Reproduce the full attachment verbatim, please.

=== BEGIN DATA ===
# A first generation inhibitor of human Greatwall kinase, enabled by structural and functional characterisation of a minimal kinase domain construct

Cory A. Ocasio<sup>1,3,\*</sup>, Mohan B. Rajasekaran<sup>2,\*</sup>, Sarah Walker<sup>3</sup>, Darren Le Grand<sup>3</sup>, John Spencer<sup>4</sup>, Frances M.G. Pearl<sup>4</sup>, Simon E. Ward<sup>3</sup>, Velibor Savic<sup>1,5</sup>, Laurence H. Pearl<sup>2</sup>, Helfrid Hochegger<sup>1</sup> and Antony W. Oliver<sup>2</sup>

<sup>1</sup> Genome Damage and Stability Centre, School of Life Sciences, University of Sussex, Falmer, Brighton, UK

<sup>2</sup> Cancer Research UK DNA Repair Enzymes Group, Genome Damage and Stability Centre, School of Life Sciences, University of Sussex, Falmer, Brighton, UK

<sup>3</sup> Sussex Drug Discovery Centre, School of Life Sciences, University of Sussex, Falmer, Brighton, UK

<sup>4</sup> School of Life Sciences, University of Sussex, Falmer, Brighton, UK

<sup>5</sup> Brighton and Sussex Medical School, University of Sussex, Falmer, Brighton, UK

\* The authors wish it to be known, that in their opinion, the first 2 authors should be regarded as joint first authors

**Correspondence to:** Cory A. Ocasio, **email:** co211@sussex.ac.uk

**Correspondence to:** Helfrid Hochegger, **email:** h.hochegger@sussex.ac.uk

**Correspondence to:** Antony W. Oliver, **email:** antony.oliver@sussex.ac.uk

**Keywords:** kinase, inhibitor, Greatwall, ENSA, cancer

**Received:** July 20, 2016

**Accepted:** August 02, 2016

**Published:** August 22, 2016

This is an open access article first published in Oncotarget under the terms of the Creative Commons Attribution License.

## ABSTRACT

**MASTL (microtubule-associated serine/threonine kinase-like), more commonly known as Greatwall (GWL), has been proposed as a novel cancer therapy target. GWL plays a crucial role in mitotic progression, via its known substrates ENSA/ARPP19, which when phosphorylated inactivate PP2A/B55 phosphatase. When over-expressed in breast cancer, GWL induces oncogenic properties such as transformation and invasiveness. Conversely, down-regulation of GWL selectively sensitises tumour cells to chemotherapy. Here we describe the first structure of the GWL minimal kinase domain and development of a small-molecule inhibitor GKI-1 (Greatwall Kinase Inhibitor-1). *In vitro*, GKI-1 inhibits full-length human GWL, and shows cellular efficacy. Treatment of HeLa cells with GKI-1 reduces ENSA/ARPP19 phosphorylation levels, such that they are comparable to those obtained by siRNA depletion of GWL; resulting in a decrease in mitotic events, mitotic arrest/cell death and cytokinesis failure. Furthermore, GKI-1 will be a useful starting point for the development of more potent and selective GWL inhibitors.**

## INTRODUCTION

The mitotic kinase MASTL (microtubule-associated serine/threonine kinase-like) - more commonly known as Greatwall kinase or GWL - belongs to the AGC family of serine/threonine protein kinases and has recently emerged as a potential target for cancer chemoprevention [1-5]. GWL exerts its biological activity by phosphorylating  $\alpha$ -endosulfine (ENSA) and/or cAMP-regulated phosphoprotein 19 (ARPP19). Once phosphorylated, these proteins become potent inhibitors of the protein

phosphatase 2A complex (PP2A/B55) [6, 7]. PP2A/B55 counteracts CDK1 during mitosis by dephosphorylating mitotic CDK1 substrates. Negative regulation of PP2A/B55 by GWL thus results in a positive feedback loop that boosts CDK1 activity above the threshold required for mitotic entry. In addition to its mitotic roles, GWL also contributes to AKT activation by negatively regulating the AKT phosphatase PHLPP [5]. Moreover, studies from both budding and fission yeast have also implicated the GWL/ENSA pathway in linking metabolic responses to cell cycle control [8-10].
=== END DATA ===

# A first generation inhibitor of human Greatwall kinase, enabled by structural and functional characterisation of a minimal kinase domain construct

Cory A. Ocasio<sup>1,3,\*</sup>, Mohan B. Rajasekaran<sup>2,\*</sup>, Sarah Walker<sup>3</sup>, Darren Le Grand<sup>3</sup>, John Spencer<sup>4</sup>, Frances M.G. Pearl<sup>4</sup>, Simon E. Ward<sup>3</sup>, Velibor Savic<sup>1,5</sup>, Laurence H. Pearl<sup>2</sup>, Helfrid Hochegger<sup>1</sup> and Antony W. Oliver<sup>2</sup>

<sup>1</sup> Genome Damage and Stability Centre, School of Life Sciences, University of Sussex, Falmer, Brighton, UK

<sup>2</sup> Cancer Research UK DNA Repair Enzymes Group, Genome Damage and Stability Centre, School of Life Sciences, University of Sussex, Falmer, Brighton, UK

<sup>3</sup> Sussex Drug Discovery Centre, School of Life Sciences, University of Sussex, Falmer, Brighton, UK

<sup>4</sup> School of Life Sciences, University of Sussex, Falmer, Brighton, UK

<sup>5</sup> Brighton and Sussex Medical School, University of Sussex, Falmer, Brighton, UK

\* The authors wish it to be known, that in their opinion, the first 2 authors should be regarded as joint first authors

**Correspondence to:** Cory A. Ocasio, **email:** co211@sussex.ac.uk

**Correspondence to:** Helfrid Hochegger, **email:** h.hochegger@sussex.ac.uk

**Correspondence to:** Antony W. Oliver, **email:** antony.oliver@sussex.ac.uk

**Keywords:** kinase, inhibitor, Greatwall, ENSA, cancer

**Received:** July 20, 2016

**Accepted:** August 02, 2016

**Published:** August 22, 2016

This is an open access article first published in Oncotarget under the terms of the Creative Commons Attribution License.

## ABSTRACT

**MASTL (microtubule-associated serine/threonine kinase-like), more commonly known as Greatwall (GWL), has been proposed as a novel cancer therapy target. GWL plays a crucial role in mitotic progression, via its known substrates ENSA/ARPP19, which when phosphorylated inactivate PP2A/B55 phosphatase. When over-expressed in breast cancer, GWL induces oncogenic properties such as transformation and invasiveness. Conversely, down-regulation of GWL selectively sensitises tumour cells to chemotherapy. Here we describe the first structure of the GWL minimal kinase domain and development of a small-molecule inhibitor GKI-1 (Greatwall Kinase Inhibitor-1). *In vitro*, GKI-1 inhibits full-length human GWL, and shows cellular efficacy. Treatment of HeLa cells with GKI-1 reduces ENSA/ARPP19 phosphorylation levels, such that they are comparable to those obtained by siRNA depletion of GWL; resulting in a decrease in mitotic events, mitotic arrest/cell death and cytokinesis failure. Furthermore, GKI-1 will be a useful starting point for the development of more potent and selective GWL inhibitors.**

## INTRODUCTION

The mitotic kinase MASTL (microtubule-associated serine/threonine kinase-like) - more commonly known as Greatwall kinase or GWL - belongs to the AGC family of serine/threonine protein kinases and has recently emerged as a potential target for cancer chemoprevention [1-5]. GWL exerts its biological activity by phosphorylating  $\alpha$ -endosulfine (ENSA) and/or cAMP-regulated phosphoprotein 19 (ARPP19). Once phosphorylated, these proteins become potent inhibitors of the protein

phosphatase 2A complex (PP2A/B55) [6, 7]. PP2A/B55 counteracts CDK1 during mitosis by dephosphorylating mitotic CDK1 substrates. Negative regulation of PP2A/B55 by GWL thus results in a positive feedback loop that boosts CDK1 activity above the threshold required for mitotic entry. In addition to its mitotic roles, GWL also contributes to AKT activation by negatively regulating the AKT phosphatase PHLPP [5]. Moreover, studies from both budding and fission yeast have also implicated the GWL/ENSA pathway in linking metabolic responses to cell cycle control [8-10].